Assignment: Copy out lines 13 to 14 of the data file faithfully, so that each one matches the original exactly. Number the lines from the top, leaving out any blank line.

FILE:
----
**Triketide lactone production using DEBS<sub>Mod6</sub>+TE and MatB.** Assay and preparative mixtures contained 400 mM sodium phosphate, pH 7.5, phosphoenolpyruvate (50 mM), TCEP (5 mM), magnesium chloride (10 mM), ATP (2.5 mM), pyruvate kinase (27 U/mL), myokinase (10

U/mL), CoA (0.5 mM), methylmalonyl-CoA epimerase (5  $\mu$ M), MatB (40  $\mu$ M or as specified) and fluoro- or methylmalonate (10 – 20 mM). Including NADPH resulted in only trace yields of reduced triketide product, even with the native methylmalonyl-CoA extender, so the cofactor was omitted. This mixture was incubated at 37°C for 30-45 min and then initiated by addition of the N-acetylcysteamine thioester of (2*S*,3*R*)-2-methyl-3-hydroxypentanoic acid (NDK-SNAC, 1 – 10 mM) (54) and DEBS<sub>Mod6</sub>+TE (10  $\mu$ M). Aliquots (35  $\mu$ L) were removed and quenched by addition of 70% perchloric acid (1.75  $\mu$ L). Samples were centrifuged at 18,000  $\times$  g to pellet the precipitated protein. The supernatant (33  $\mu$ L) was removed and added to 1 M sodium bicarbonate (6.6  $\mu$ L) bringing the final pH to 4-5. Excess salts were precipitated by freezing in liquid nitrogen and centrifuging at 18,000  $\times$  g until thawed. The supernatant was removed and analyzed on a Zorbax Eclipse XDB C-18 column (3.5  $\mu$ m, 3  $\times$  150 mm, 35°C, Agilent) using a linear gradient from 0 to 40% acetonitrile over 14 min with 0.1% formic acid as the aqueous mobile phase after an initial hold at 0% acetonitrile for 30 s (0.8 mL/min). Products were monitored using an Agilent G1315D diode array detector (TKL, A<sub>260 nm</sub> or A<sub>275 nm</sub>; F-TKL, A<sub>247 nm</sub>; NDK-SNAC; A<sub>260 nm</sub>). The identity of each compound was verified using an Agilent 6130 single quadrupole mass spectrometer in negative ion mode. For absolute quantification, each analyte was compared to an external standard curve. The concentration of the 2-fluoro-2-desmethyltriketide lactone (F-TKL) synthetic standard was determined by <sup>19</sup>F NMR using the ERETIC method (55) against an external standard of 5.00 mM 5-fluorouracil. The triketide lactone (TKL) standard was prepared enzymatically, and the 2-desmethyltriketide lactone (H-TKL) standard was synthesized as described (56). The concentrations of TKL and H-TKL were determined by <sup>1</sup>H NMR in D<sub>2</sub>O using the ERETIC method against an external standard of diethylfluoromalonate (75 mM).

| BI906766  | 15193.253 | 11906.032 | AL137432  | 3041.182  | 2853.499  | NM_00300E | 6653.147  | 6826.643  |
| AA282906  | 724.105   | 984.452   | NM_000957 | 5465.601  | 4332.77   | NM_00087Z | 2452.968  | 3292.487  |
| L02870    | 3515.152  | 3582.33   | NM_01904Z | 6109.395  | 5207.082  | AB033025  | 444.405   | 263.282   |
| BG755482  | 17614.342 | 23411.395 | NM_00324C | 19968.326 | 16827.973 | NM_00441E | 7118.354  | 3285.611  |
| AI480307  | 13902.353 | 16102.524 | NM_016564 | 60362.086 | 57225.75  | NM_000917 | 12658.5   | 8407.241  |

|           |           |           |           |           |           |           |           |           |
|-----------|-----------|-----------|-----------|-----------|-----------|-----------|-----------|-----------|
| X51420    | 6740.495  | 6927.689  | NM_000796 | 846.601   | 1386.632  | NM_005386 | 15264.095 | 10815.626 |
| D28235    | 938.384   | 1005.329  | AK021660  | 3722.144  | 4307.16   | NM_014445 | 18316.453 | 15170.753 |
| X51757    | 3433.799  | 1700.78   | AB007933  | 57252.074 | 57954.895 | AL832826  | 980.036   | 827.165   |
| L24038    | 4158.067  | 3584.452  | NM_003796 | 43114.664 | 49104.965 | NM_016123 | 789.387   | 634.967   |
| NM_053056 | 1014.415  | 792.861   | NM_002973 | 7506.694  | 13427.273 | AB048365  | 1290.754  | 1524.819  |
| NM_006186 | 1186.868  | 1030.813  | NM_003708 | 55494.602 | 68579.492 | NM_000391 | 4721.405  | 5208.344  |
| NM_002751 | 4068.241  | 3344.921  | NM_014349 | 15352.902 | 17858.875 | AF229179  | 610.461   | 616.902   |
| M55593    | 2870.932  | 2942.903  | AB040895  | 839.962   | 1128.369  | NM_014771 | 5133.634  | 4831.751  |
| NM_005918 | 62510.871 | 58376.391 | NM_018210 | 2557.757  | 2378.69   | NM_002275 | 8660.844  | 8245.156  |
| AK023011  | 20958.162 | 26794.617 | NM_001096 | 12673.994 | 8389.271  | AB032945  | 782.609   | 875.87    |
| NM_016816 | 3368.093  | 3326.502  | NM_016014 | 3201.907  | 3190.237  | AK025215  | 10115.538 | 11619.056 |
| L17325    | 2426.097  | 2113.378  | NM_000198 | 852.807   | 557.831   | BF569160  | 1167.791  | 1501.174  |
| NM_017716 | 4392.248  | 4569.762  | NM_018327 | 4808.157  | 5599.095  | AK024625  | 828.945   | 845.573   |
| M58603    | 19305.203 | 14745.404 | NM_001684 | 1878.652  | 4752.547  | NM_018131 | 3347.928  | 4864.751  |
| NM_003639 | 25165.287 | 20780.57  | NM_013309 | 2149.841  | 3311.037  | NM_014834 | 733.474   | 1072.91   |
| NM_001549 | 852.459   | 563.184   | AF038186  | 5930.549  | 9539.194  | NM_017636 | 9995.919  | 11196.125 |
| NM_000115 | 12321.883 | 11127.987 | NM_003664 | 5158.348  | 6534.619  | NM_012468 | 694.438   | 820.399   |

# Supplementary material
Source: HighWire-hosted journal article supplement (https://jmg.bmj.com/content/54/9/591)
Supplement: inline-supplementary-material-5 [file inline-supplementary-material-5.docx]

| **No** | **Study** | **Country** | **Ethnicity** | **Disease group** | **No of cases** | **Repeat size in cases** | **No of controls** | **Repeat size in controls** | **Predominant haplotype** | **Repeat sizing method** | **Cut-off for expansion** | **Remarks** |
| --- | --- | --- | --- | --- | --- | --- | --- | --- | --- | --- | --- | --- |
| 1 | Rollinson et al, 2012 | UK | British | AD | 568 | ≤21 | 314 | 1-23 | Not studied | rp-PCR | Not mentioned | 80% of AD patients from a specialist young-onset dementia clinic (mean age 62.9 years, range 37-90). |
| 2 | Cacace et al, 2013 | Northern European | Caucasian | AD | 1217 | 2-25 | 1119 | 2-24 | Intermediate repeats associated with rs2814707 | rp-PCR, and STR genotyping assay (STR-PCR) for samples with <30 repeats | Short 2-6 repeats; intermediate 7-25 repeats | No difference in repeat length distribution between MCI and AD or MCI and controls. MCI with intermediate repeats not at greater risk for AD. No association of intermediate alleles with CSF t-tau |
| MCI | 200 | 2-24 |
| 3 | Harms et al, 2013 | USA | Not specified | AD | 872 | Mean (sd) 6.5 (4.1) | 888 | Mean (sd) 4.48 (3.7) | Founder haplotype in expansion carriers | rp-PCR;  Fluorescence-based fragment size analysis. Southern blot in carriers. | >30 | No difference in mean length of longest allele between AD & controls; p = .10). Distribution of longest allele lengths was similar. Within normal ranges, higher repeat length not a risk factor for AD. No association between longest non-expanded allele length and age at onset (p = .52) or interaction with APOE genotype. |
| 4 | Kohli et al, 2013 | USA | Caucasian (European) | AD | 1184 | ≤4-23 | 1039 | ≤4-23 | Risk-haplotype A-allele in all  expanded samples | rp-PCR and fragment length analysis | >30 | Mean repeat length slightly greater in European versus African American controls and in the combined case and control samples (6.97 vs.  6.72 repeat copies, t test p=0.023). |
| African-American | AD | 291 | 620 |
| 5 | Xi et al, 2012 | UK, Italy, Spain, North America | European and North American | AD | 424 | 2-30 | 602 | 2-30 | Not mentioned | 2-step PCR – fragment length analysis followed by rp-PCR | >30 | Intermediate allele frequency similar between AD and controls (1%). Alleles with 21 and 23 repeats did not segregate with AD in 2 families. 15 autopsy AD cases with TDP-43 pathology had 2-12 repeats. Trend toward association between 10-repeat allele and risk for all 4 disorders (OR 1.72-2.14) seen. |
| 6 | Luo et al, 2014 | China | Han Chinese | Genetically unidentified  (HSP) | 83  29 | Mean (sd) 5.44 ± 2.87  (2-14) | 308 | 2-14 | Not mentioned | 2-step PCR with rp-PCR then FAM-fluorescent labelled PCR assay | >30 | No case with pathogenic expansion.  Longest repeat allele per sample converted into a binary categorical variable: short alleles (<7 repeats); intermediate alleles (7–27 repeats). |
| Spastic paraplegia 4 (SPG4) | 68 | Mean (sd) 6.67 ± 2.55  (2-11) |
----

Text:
| L24038    | 4158.067  | 3584.452  | NM_003796 | 43114.664 | 49104.965 | NM_016123 | 789.387   | 634.967   |
| NM_053056 | 1014.415  | 792.861   | NM_002973 | 7506.694  | 13427.273 | AB048365  | 1290.754  | 1524.819  |